Disabled wage earners are entitled to receive social security benefits under 42 U.S.C. § 423(a). Regulations adopted by the Secretary of Health and Human Services provide that the Secretary's determination of disability will be made according to a five-step test. 20 C.F.R. Sec. 404.1520(a)-(f). First, an individual who is employed in substantial gainful activity will not be found to be disabled regardless of medical findings. Second, the claimant's impairment must be found to be "severe." Third, if the claimant's impairment is identical or equivalent to one of a series of impairments listed in Appendix 1 of Subpart P of 20 C.F.R. Sec. 404, the claimant will be found to be disabled without consideration of his or her age, education, or previous work experience. Fourth, if a claimant's impairment is "severe" but does not match a listed impairment, the claimant is not considered disabled if he or she is able to continue to perform work done in the past. Finally, if the claimant's impairment is severe and he or she is no longer able to perform work done in the past, the claimant will be found disabled if, considering his or her age, education, and previous work experience, he or she is unable to perform any substantial gainful activity.
Upon review, the Secretary's decision as to disability must be upheld if it is supported by substantial evidence. 42 U.S.C. § 405(g); Richardson v. Perales, 402 U.S. 389, 401 (1971).
The Secretary's decision here was based on the ALJ's findings and conclusions. The ALJ found that Snow's part-time work as a municipal judge did not constitute "substantial gainful activity," so disability was not ruled out at the first step of the analysis. The ALJ appears to have assumed that Snow's impairments were "severe" enough to proceed to later steps in the analysis, but the ALJ did not make a specific finding of severity. The ALJ made a finding of non-disability at the fourth step in the analysis, by finding that Snow was capable of performing his past relevant work as a small-town police chief. Accordingly, the ALJ did not proceed to step five, did not consider Snow's age, education, or previous work experience, and did not apply the guidelines contained in the "grids" at 20 C.F.R. Sec. 404, Subpt. P, App. 2.
We are unable to conclude that there is substantial evidence to support the ALJ's determination that Snow was able to perform his past work as a police chief, because the ALJ made no findings as to what activities and capabilities were required in the police chief's job. The ALJ's opinion simply makes the conclusory statement that " [t]he claimant's past relevant work as a police chief did not require the performance of the work related activities by the above limitations." The meaning of that conclusion is unclear, but presumably the ALJ meant that Snow's limitations or impairments would not preclude him from performing the police chief's job. The problem is that the ALJ's opinion does not consider any evidence concerning the nature of the police chief's work, or make any findings of fact concerning its requirements. There was no evidence in the record, and there was no testimony at the hearing, concerning the nature of the police chief's job. It may be that, even in a small town, the police chief must be in good physical shape and able to pursue and apprehend vigorous criminals. The evidence indicated that Snow is easily exhausted by exertion, and that suggests that he would not be able to perform the police chief job if it involves vigorous physical activity.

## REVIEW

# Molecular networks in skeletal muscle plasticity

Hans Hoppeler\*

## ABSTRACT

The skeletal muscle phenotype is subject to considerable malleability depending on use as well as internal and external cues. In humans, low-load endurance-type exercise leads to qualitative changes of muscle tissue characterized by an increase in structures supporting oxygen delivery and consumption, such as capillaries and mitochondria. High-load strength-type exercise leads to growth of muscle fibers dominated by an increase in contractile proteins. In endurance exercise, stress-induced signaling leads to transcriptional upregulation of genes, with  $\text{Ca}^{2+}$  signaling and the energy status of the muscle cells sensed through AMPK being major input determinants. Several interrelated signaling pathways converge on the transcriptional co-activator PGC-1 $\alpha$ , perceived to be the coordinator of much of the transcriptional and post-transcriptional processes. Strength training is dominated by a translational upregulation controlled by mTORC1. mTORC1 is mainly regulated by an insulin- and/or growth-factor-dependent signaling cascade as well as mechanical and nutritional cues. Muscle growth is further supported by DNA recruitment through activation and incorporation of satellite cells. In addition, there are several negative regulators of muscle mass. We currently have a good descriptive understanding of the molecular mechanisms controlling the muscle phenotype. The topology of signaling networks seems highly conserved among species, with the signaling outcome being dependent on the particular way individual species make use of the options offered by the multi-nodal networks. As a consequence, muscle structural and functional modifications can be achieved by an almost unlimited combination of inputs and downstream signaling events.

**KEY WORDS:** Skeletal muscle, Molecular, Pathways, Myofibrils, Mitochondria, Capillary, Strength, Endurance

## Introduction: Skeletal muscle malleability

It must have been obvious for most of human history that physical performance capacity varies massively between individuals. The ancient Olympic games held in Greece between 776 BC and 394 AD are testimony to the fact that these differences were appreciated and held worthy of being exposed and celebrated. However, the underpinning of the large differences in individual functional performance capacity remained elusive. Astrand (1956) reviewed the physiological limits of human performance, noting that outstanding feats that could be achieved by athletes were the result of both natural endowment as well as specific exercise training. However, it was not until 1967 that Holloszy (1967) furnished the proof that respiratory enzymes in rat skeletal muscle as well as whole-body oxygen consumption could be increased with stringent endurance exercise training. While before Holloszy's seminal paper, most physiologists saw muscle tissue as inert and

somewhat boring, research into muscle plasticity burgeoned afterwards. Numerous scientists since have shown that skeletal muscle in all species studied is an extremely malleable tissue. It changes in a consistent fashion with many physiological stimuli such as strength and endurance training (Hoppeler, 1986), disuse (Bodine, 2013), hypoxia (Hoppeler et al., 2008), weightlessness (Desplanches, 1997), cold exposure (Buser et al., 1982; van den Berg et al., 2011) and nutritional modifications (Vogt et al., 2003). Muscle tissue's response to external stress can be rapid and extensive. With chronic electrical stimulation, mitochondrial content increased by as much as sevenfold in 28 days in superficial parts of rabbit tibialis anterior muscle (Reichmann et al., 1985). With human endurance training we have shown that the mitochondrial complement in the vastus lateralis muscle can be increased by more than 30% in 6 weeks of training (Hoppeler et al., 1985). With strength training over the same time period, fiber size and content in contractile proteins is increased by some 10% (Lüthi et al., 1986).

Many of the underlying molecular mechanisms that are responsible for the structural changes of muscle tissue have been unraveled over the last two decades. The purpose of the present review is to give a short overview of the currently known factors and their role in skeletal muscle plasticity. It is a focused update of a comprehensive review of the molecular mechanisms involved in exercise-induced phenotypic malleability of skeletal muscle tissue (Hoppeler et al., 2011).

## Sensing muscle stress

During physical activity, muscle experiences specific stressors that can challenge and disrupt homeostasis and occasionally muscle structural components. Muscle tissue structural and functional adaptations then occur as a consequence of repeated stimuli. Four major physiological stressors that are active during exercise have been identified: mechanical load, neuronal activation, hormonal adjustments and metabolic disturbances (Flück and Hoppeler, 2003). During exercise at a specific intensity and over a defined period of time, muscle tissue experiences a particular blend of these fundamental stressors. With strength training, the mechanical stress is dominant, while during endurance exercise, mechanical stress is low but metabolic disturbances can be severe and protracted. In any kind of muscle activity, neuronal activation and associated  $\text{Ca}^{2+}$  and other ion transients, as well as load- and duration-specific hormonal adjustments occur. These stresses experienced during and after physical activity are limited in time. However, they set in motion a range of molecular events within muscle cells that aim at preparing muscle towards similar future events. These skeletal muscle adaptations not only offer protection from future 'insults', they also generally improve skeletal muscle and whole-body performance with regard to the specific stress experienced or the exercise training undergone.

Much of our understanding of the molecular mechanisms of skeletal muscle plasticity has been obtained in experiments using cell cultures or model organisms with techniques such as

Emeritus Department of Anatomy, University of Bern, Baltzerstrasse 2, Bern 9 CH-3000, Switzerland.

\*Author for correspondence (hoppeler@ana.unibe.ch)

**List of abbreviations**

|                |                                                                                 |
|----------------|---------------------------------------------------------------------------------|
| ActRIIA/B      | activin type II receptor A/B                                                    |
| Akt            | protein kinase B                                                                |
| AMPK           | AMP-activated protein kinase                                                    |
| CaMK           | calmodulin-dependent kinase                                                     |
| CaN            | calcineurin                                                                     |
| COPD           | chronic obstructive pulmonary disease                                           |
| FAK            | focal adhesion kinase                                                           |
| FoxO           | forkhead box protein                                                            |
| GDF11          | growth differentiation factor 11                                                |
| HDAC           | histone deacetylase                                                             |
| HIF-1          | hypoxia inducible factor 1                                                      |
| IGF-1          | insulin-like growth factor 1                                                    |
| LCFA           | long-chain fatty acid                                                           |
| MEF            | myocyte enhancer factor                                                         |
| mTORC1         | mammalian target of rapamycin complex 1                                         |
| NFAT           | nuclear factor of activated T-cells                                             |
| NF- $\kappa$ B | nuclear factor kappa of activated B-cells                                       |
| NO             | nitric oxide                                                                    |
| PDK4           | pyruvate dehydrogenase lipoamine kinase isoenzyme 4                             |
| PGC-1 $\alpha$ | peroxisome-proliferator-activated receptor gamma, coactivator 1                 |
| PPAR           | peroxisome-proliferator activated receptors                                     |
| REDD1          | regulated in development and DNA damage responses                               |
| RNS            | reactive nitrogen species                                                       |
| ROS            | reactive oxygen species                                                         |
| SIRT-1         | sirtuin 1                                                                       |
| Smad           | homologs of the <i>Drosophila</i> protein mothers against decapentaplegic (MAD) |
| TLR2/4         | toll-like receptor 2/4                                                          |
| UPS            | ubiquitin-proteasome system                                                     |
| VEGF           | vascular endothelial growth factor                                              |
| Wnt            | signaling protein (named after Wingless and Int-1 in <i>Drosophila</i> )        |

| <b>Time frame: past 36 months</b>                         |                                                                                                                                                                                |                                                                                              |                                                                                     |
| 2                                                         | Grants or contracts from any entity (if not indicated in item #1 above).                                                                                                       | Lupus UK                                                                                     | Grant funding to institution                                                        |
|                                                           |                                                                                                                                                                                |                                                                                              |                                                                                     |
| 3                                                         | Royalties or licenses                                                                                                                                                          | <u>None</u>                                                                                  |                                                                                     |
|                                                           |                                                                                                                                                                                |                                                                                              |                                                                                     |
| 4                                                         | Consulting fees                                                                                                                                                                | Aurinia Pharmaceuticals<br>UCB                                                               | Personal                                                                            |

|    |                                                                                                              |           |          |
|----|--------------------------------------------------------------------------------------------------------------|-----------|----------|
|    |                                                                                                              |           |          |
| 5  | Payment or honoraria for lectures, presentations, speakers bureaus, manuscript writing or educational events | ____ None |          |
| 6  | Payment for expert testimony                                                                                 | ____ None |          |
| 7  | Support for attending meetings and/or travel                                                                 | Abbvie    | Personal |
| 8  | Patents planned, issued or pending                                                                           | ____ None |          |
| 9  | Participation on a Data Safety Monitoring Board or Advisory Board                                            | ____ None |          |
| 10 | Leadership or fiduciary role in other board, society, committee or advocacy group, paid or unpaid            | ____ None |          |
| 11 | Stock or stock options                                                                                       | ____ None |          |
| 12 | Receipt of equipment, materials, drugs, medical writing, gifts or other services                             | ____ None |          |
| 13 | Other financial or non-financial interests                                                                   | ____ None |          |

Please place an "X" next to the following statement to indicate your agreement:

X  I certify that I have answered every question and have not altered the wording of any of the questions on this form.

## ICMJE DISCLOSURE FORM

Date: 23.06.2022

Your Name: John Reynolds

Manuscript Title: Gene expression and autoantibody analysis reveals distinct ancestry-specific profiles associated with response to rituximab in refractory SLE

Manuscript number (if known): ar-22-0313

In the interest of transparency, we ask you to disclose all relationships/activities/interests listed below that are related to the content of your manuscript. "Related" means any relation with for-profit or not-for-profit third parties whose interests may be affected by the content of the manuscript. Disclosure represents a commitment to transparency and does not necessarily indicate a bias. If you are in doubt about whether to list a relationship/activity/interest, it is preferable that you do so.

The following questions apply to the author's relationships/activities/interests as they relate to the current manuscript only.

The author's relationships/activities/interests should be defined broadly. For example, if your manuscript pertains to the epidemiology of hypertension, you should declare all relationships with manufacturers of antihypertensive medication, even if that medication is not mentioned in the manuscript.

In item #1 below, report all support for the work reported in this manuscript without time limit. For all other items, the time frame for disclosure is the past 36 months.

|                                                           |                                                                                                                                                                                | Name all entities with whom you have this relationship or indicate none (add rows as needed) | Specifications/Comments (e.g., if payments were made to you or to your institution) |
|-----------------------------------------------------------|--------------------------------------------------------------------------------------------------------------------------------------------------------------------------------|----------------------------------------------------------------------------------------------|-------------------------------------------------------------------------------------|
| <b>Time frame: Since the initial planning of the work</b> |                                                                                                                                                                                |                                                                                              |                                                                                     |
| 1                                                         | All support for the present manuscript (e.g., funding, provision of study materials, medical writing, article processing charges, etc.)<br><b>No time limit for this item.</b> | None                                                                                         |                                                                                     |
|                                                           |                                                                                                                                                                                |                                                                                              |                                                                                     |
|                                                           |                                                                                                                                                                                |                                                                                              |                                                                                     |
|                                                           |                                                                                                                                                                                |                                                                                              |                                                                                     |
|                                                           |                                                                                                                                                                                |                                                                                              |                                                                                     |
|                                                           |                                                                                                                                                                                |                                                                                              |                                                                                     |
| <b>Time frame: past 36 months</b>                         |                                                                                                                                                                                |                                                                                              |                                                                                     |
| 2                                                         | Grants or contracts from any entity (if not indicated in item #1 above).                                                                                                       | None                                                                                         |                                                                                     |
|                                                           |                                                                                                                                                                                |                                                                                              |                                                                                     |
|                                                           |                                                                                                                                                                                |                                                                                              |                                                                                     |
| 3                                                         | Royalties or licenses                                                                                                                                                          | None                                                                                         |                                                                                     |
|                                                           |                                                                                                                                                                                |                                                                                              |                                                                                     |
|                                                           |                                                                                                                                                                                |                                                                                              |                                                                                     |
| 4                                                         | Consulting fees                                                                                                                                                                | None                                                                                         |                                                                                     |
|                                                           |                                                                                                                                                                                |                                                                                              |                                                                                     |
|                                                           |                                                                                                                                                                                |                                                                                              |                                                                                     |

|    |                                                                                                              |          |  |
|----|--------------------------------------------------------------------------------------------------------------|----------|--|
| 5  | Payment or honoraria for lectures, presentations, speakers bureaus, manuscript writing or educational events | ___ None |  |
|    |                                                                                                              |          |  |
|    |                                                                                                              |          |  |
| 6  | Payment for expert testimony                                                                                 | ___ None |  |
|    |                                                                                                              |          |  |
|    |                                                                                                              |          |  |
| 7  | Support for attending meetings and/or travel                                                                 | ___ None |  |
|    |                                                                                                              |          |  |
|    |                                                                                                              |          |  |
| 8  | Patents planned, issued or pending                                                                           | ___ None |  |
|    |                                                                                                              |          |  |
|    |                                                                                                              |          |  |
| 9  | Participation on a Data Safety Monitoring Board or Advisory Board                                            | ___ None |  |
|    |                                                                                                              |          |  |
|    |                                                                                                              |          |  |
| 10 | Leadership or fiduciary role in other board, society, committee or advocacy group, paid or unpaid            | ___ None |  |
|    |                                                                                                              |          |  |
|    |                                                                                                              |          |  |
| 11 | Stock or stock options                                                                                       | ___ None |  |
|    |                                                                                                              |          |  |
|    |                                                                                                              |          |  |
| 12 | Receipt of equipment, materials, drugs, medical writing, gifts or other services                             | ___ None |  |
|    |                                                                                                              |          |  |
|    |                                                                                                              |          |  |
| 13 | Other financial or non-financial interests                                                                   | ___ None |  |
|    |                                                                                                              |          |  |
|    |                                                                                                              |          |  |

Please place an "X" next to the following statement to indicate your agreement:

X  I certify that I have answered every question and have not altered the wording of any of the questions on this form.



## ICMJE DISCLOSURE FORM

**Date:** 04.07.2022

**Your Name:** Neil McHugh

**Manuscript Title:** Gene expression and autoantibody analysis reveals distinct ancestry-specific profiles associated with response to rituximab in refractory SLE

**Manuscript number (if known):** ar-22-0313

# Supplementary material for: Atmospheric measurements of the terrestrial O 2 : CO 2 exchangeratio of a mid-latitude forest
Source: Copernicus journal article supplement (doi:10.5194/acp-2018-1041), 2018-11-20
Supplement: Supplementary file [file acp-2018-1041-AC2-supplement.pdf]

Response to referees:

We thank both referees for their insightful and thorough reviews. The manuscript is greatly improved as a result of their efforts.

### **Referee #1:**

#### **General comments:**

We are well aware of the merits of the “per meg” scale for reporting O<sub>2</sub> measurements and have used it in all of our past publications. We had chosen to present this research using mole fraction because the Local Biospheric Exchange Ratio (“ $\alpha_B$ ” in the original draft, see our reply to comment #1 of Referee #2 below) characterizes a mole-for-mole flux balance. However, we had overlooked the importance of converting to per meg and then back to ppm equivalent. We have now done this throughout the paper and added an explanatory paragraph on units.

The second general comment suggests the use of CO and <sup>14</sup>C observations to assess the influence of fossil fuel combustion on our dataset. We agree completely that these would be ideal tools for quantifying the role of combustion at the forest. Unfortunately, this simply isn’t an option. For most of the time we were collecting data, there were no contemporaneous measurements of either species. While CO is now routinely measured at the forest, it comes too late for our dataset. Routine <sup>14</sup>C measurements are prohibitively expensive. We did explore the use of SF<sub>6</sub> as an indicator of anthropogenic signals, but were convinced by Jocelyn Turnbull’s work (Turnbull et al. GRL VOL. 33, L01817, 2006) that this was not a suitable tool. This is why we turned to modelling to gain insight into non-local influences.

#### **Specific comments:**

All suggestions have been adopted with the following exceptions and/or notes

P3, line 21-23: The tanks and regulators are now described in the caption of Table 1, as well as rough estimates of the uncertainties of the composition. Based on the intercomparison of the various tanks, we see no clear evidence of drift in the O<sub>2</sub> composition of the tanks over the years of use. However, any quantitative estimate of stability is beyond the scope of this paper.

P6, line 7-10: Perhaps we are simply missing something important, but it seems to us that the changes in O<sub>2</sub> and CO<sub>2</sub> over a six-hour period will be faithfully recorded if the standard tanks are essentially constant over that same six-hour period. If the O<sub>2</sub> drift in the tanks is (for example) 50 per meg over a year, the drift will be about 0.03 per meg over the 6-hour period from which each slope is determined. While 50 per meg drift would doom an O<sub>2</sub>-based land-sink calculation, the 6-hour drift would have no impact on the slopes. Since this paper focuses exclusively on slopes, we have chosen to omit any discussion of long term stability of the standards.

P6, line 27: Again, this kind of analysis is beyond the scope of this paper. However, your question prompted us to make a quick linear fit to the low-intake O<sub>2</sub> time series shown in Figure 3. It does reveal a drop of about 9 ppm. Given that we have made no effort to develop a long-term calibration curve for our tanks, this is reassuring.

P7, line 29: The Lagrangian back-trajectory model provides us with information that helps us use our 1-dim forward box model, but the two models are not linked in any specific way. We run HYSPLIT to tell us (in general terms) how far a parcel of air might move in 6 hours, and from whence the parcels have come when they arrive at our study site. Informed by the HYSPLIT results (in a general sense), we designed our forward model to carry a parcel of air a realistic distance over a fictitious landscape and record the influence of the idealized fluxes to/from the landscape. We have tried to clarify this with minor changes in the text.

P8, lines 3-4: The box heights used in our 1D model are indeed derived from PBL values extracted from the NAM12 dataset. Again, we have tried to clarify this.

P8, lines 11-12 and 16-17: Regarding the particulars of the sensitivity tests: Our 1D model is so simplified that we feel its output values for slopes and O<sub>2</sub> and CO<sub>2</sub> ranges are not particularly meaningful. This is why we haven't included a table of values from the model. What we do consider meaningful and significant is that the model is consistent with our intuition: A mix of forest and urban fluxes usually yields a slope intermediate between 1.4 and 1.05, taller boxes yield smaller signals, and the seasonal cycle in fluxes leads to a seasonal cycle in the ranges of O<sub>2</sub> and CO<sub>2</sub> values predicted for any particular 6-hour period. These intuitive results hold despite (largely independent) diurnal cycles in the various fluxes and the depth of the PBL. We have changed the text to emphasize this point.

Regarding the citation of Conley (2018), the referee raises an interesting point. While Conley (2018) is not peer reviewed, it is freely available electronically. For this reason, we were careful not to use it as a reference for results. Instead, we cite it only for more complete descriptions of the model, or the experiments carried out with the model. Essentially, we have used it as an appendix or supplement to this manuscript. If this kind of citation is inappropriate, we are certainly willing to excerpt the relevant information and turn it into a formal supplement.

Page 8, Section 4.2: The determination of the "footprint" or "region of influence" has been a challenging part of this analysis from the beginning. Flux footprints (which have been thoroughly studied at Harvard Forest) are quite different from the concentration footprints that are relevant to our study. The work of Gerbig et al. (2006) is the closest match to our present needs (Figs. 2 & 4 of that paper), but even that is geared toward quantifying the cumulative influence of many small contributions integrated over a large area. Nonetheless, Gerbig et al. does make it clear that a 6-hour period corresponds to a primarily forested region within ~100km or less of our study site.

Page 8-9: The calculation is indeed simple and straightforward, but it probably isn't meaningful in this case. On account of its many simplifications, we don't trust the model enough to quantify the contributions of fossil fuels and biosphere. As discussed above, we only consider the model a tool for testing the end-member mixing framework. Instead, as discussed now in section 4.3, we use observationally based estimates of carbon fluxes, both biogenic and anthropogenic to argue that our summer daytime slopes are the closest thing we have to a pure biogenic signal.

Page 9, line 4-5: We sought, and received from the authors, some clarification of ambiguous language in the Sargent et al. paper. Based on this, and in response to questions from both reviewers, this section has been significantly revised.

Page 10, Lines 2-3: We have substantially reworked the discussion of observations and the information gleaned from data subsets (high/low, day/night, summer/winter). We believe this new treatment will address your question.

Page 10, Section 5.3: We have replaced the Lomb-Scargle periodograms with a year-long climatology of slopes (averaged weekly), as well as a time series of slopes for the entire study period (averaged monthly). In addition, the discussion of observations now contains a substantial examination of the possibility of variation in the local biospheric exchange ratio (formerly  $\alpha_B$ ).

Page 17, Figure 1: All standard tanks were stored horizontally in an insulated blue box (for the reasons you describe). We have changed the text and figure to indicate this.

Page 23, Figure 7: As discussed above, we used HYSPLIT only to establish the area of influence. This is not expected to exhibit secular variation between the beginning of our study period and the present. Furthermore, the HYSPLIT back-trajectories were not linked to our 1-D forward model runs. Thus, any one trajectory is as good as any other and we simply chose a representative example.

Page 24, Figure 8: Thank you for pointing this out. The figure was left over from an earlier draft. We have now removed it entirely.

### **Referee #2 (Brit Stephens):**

However, we nevertheless conclude that there is substantial evidence to support the ALJ's determination that Snow is not disabled, because the record indicates that his impairment is not severe. The evidence revealed that, despite his ailments, Snow retained a considerable degree of physical ability. He himself testified that he was able to lift and carry up to 25 pounds and to walk one mile per day. He has a valid driver's license and testified that he drives about 20 miles per week. He is able to work limited hours as a municipal judge. He spends some of his spare time repairing guns as a hobby, and attends meetings of fraternal organizations. Reviewing physicians were of the opinion that he could stand or walk a total of 6 hours in an 8-hour day. Consequently, we affirm the judgment of the District Court upholding the Secretary's denial of benefits.